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MELLENCAMP DISCUSSION => Tour Talk => Topic started by: walktall2010 on February 20, 2015, 12:23:13 am

Title: Chicago Tribute Review of First Chicago Concert
Post by: walktall2010 on February 20, 2015, 12:23:13 am
Review: John Mellencamp at Chicago Theatre
By Bob Gendron
Chicago Tribune

John Mellencamp has made a career out of singing songs populated by common folks trying to make the best of difficult circumstances. Playing the first of a two-night stand Tuesday at a crowded Chicago Theatre, the vocalist embodied the will of those characters by gutting out a commendable performance despite suffering from a ravaged throat.

Early on in the110-minute set, the Indiana native admitted he conferred with his band in the afternoon and considered cancelling the show. He coughed between verses, received a steady diet of what appeared to be lozenges and sang in a grainy, gruff rasp further coarsened by habitual cigarette smoking. While not ideal, the condition lent deeper gravitas to the working-class protagonists and hard-learned lessons in his narratives.

Now 63, Mellencamp moved beyond the mainstream years ago. Classic-rock radio may lead many to believe he now primarily trades in nostalgia, yet the vocalist quietly created some of his most vital music over the past decade on records steeped in roots fare and serious reflection. Even as his sound has matured, with the recent "Plain Spoken" album owing to stripped-down Americana, Mellencamp's connection to heartland themes and Midwestern surroundings remains unchanged.

Splitting duties between observer and participant, and punching his right fist in the air, Mellencamp chronicled unsettling states of affairs. Newer tunes, such as the rough-and-tumble "Lawless Times" and country-folk "Troubled Man," confronted issues of trust and failure with the same dark intensity as "Rain on the Scarecrow." Tests of faith and sorrow informed a mournful "The Isolation of Mister," and a slide-blues cover of Robert Johnson's "Stones In My Passway," which announced its resilience by way of a boogie beat.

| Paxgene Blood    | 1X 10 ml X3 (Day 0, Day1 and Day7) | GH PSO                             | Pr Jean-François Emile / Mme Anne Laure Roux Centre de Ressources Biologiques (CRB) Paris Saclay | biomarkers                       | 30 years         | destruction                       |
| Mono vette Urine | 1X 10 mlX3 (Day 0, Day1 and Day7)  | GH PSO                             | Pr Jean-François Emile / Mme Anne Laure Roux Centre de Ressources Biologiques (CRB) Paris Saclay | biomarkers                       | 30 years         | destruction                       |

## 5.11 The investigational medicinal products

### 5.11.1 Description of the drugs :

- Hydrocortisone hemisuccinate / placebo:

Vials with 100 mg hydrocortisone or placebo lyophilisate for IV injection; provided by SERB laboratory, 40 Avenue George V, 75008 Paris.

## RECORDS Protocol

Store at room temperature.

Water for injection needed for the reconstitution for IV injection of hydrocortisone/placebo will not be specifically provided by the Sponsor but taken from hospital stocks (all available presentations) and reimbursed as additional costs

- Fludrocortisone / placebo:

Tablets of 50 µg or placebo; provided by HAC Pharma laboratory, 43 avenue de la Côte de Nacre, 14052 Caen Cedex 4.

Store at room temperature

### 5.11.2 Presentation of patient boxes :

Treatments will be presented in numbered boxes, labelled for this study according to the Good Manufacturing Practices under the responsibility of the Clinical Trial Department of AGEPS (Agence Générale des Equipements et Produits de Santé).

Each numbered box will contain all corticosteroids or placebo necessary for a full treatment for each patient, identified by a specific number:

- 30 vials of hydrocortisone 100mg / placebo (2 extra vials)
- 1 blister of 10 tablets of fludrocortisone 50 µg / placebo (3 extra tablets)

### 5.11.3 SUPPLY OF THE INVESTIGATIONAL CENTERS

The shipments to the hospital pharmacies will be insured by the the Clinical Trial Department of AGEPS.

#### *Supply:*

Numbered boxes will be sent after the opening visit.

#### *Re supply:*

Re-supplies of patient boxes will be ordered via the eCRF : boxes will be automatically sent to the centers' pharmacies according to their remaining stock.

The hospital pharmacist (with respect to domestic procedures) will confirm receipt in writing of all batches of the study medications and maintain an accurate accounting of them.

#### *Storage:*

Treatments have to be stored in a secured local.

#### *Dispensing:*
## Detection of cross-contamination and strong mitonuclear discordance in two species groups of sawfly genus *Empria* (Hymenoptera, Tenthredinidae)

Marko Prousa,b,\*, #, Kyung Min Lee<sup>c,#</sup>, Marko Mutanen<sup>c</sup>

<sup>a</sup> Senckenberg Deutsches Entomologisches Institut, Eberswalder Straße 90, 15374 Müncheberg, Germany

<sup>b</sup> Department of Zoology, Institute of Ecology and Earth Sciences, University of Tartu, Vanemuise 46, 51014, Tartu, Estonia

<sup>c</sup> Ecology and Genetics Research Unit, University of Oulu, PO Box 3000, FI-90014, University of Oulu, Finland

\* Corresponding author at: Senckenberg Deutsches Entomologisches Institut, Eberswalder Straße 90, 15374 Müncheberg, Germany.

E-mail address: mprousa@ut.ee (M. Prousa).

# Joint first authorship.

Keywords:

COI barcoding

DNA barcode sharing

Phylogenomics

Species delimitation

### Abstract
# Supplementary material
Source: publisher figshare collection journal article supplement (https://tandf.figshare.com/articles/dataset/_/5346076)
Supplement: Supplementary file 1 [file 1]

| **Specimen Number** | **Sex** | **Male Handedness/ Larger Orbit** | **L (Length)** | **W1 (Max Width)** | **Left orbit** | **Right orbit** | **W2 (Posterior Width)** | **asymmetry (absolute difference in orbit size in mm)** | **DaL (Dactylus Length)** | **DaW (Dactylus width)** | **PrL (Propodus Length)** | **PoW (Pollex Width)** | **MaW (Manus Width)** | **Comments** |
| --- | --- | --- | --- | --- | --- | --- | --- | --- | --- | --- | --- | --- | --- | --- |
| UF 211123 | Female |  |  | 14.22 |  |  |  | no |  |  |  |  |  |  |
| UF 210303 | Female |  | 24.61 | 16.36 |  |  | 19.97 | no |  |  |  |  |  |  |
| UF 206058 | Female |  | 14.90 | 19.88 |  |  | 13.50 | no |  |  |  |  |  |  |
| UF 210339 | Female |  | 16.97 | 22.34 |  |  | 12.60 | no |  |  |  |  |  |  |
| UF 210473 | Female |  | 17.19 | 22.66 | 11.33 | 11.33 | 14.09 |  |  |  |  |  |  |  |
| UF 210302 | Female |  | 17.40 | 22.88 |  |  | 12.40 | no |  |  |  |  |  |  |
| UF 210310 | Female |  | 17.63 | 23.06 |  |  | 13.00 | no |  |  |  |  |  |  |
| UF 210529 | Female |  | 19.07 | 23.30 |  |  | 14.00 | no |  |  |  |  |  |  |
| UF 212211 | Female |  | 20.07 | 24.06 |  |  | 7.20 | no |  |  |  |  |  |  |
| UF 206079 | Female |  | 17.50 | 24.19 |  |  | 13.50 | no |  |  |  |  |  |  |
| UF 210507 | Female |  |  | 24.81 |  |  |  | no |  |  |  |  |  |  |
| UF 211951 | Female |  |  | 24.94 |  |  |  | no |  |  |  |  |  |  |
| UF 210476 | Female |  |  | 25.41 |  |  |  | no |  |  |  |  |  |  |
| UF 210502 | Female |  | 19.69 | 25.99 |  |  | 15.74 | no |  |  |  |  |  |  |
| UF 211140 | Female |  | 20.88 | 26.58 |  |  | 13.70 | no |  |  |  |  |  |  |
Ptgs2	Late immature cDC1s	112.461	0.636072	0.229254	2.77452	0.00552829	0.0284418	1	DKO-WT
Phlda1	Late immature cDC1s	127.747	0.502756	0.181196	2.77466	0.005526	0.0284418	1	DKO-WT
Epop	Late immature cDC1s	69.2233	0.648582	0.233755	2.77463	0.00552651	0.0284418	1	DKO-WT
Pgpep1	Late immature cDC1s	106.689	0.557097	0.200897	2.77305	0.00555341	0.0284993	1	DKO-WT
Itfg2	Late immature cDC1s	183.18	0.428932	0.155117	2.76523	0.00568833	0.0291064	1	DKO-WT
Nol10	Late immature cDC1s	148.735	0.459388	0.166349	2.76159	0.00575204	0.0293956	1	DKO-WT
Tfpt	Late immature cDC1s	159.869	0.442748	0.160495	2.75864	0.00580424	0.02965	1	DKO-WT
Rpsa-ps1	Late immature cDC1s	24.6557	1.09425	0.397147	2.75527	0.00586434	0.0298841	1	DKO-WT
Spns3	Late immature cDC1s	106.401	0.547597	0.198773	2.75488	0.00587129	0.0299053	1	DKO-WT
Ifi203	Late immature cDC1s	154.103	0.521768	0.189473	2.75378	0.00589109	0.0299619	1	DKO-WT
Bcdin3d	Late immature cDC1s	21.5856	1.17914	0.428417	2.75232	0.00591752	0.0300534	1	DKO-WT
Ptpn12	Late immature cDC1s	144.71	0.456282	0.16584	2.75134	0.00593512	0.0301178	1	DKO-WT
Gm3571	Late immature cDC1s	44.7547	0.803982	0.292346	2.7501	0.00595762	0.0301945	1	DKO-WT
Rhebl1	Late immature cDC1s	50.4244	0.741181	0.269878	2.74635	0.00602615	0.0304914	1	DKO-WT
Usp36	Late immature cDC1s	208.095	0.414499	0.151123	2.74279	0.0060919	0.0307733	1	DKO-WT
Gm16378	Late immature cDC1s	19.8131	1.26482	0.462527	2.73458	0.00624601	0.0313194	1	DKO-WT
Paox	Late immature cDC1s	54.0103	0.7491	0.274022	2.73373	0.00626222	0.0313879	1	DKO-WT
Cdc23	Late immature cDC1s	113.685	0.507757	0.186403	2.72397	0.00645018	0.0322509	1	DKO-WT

Indeed, for all the catastrophe and mortality orbiting his work, the vocalist/guitarist not only gave reasons for hope he found contentment by taking a long-view perspective. Biting off the leading edges of notes on a defiant "If I Die Sudden" and sharing passed-on wisdom during an understated "Longest Days," Mellencamp channeled gospel grit by professing humble appreciation for what life offers.

Backed by a well-rehearsed sextet anchored by Chicagoan Miriam Sturm on violin, he took similar satisfaction from simple pleasures echoing in "Cherry Bomb" and "Small Town." Mellencamp stumbled only on pair of songs from the "Ghost Brothers of Darkland County" musical. Featuring opener Carlene Carter on vocals, the numbers felt forced and stiff. By contrast, a solo rendition of "Jack & Diane" that graduated into an audience sing-a-long relayed his implicit suggestions to still live fully, especially after innocence and youth fade away.